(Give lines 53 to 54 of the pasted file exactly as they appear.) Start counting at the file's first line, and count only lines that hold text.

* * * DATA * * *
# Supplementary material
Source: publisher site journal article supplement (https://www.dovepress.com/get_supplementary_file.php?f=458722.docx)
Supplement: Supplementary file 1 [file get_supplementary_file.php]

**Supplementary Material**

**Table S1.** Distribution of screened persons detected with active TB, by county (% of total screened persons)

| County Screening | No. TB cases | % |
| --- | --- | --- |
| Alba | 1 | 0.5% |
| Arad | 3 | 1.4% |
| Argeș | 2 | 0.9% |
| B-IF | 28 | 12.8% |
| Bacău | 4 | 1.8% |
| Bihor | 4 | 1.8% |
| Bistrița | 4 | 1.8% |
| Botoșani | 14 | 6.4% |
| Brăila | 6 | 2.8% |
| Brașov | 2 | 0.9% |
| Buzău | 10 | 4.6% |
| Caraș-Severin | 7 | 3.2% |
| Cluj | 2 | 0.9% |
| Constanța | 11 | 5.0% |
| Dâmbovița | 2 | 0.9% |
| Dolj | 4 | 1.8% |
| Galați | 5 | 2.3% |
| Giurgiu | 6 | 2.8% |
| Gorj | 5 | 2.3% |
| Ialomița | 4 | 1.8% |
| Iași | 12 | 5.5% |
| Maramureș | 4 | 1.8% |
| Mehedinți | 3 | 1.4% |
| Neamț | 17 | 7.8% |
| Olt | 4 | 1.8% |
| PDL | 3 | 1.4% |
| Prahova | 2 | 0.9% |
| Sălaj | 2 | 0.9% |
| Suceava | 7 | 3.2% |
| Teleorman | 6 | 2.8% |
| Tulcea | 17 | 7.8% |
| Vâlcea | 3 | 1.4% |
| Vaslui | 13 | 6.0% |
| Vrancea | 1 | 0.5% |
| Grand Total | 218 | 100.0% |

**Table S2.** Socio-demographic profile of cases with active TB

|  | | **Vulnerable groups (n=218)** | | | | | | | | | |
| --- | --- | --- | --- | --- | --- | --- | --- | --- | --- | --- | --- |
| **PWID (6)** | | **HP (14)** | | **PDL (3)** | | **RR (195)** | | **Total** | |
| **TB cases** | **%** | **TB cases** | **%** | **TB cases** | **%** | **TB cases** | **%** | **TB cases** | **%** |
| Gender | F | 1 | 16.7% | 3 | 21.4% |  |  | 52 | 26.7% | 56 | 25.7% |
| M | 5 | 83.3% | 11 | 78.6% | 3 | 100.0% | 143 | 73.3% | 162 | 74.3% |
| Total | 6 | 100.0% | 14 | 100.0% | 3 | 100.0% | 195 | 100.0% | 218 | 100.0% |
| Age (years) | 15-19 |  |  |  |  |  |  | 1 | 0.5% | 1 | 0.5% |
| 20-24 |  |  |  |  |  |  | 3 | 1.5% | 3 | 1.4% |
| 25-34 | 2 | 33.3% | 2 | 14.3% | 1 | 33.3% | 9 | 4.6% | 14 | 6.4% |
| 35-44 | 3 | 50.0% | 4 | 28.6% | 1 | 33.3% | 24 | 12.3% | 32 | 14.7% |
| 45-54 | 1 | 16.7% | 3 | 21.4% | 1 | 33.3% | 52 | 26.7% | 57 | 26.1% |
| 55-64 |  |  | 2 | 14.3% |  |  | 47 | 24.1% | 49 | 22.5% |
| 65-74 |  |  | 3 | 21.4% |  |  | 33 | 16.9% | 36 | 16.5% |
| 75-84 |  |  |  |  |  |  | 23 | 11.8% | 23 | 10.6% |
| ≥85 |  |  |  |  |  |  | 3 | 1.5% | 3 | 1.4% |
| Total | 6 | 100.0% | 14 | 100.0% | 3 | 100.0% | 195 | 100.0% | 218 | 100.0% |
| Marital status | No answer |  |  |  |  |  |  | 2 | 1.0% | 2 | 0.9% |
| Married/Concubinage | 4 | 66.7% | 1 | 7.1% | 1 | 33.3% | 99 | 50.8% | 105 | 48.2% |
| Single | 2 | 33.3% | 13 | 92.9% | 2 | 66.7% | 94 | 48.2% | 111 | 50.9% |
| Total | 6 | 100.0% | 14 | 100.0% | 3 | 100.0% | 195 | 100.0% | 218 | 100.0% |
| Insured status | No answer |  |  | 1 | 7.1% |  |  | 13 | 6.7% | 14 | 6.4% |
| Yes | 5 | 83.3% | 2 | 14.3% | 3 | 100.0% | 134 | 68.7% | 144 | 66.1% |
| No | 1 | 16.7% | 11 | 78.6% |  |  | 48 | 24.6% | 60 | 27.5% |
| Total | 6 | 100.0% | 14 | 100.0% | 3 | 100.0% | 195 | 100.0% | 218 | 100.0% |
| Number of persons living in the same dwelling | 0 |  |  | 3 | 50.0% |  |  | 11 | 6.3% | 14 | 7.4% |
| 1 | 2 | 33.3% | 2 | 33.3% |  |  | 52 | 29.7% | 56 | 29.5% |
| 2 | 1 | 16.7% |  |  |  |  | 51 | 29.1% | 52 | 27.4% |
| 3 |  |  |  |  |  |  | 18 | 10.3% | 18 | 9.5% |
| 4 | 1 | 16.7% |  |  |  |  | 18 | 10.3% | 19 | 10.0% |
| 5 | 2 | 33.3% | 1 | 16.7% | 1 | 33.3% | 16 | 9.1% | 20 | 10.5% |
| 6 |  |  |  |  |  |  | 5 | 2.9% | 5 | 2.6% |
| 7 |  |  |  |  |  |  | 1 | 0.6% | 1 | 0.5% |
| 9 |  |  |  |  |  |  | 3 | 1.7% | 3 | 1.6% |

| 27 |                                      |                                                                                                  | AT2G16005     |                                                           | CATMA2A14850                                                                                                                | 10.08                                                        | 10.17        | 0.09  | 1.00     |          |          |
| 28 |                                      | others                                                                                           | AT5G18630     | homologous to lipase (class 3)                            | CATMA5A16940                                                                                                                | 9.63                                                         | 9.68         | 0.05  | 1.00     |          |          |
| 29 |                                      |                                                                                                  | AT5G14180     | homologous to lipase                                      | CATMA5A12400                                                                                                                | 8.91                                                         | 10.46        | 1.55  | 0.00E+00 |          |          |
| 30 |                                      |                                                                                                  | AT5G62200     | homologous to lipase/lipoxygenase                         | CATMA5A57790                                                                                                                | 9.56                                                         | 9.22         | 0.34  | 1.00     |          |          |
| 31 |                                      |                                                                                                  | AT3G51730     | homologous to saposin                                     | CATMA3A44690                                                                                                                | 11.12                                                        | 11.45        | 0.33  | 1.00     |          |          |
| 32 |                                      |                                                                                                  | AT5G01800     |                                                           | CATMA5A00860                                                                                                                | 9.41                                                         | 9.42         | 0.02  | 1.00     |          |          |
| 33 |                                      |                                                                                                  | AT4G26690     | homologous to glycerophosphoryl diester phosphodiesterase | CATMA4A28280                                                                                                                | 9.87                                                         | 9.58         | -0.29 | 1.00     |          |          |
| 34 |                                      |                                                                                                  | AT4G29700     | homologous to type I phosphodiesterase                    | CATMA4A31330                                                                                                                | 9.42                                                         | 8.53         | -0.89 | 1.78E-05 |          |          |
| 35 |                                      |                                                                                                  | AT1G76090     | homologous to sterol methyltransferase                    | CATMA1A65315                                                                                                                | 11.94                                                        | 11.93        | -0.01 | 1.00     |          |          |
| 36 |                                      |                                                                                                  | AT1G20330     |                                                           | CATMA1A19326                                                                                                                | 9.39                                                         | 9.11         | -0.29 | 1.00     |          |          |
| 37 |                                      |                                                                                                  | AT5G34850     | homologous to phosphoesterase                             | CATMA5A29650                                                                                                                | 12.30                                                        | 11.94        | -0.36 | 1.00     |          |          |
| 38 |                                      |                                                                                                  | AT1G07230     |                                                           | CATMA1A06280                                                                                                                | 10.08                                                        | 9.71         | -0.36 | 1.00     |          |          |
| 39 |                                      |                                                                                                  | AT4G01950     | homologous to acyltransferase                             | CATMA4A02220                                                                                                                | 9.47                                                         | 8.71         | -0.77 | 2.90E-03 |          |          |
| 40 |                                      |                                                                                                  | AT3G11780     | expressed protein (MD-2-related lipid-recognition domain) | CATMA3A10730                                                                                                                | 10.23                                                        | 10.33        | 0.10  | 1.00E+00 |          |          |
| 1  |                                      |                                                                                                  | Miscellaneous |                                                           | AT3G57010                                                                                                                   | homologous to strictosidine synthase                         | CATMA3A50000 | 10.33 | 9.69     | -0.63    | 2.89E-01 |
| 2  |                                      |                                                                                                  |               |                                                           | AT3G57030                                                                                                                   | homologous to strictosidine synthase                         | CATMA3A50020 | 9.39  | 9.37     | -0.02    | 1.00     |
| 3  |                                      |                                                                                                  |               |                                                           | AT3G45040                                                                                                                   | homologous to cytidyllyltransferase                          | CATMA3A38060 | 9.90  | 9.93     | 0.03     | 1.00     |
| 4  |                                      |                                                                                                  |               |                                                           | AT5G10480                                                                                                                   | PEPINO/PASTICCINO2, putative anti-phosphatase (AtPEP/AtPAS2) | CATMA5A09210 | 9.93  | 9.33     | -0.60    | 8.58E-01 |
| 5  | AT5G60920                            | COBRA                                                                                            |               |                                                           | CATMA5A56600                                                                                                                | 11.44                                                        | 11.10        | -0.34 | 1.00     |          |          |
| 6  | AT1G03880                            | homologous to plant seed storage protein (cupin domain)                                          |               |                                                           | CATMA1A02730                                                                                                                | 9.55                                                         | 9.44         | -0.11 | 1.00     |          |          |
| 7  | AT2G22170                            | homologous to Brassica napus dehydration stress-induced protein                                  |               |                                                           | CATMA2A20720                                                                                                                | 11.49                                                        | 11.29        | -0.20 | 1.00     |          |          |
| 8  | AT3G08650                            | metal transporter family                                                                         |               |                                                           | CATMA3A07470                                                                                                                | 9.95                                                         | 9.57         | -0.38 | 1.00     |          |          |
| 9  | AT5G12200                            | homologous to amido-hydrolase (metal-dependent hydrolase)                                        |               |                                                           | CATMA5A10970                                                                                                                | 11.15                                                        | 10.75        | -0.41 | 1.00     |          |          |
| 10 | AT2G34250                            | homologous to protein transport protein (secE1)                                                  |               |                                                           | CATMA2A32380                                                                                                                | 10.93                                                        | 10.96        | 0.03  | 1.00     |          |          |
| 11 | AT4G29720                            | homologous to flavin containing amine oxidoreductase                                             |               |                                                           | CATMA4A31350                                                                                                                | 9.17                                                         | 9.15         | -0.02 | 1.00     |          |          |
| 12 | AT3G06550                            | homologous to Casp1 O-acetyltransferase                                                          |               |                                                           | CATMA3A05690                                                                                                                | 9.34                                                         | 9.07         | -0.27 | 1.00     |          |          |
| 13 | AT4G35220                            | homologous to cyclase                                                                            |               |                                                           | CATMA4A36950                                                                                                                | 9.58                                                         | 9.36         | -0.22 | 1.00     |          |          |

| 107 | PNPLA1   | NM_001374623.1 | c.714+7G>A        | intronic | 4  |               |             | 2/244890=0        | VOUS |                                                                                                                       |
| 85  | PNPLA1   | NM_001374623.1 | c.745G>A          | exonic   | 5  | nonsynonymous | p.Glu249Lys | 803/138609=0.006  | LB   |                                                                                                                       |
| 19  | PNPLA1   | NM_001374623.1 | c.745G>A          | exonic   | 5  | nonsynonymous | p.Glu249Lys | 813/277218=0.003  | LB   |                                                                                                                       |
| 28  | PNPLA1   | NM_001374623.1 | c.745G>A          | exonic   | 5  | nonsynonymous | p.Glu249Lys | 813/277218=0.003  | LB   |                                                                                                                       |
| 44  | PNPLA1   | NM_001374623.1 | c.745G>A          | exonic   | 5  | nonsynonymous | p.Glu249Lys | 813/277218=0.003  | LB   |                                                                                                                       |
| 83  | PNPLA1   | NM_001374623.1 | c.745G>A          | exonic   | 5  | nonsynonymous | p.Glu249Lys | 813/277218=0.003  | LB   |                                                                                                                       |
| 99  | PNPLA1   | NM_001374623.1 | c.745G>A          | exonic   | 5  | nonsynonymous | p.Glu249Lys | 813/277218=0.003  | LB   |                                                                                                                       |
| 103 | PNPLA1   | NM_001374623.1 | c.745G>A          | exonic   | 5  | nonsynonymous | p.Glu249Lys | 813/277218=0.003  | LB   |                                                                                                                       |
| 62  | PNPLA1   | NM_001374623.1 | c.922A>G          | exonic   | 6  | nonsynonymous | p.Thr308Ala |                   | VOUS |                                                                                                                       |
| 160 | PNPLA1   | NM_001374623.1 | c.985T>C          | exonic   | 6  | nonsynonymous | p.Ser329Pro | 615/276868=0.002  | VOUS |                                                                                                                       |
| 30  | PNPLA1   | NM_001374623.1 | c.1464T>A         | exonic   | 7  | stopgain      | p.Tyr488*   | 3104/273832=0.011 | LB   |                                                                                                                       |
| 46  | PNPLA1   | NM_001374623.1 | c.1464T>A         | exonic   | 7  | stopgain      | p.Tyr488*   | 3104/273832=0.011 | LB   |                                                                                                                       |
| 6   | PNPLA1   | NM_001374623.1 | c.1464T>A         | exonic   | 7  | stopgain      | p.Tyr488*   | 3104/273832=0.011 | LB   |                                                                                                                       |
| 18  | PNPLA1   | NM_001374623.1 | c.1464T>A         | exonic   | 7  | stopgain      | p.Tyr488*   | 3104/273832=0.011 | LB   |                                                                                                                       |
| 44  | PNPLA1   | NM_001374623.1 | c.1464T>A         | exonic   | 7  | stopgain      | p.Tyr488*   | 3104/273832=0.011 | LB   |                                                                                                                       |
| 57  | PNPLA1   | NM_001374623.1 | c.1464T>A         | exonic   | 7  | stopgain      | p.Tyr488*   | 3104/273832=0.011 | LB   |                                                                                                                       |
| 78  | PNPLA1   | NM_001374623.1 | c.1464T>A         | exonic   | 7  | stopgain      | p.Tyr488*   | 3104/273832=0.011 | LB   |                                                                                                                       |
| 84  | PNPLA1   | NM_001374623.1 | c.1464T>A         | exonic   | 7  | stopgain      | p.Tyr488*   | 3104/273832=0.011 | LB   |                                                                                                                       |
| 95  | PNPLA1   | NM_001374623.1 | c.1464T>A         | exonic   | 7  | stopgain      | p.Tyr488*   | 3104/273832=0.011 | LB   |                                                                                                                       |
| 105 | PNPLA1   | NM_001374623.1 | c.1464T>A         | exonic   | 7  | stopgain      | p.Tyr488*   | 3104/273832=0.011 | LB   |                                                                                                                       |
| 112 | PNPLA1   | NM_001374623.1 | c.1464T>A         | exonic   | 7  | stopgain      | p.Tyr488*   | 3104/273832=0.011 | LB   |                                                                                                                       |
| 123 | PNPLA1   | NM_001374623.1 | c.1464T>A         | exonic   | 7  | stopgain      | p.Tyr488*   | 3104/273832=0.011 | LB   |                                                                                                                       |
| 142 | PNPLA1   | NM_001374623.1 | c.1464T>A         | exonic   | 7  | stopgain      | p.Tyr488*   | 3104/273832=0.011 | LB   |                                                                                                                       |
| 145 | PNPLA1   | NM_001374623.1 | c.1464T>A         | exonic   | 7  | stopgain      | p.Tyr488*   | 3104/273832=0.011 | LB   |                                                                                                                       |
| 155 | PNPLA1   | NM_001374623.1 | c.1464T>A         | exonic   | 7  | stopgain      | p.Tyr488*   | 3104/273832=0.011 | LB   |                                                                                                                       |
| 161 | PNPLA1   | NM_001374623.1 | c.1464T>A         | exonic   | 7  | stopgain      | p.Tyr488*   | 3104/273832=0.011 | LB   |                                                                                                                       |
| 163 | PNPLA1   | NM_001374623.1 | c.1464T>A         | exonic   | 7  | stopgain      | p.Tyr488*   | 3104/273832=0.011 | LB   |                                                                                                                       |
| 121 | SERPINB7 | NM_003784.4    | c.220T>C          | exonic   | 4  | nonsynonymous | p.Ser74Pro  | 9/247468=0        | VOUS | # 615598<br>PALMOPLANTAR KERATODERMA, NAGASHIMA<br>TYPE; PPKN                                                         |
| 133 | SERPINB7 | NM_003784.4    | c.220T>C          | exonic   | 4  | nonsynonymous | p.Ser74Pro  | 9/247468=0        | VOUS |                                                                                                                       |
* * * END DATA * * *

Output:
| 25-34 | 2 | 33.3% | 2 | 14.3% | 1 | 33.3% | 9 | 4.6% | 14 | 6.4% |
| 35-44 | 3 | 50.0% | 4 | 28.6% | 1 | 33.3% | 24 | 12.3% | 32 | 14.7% |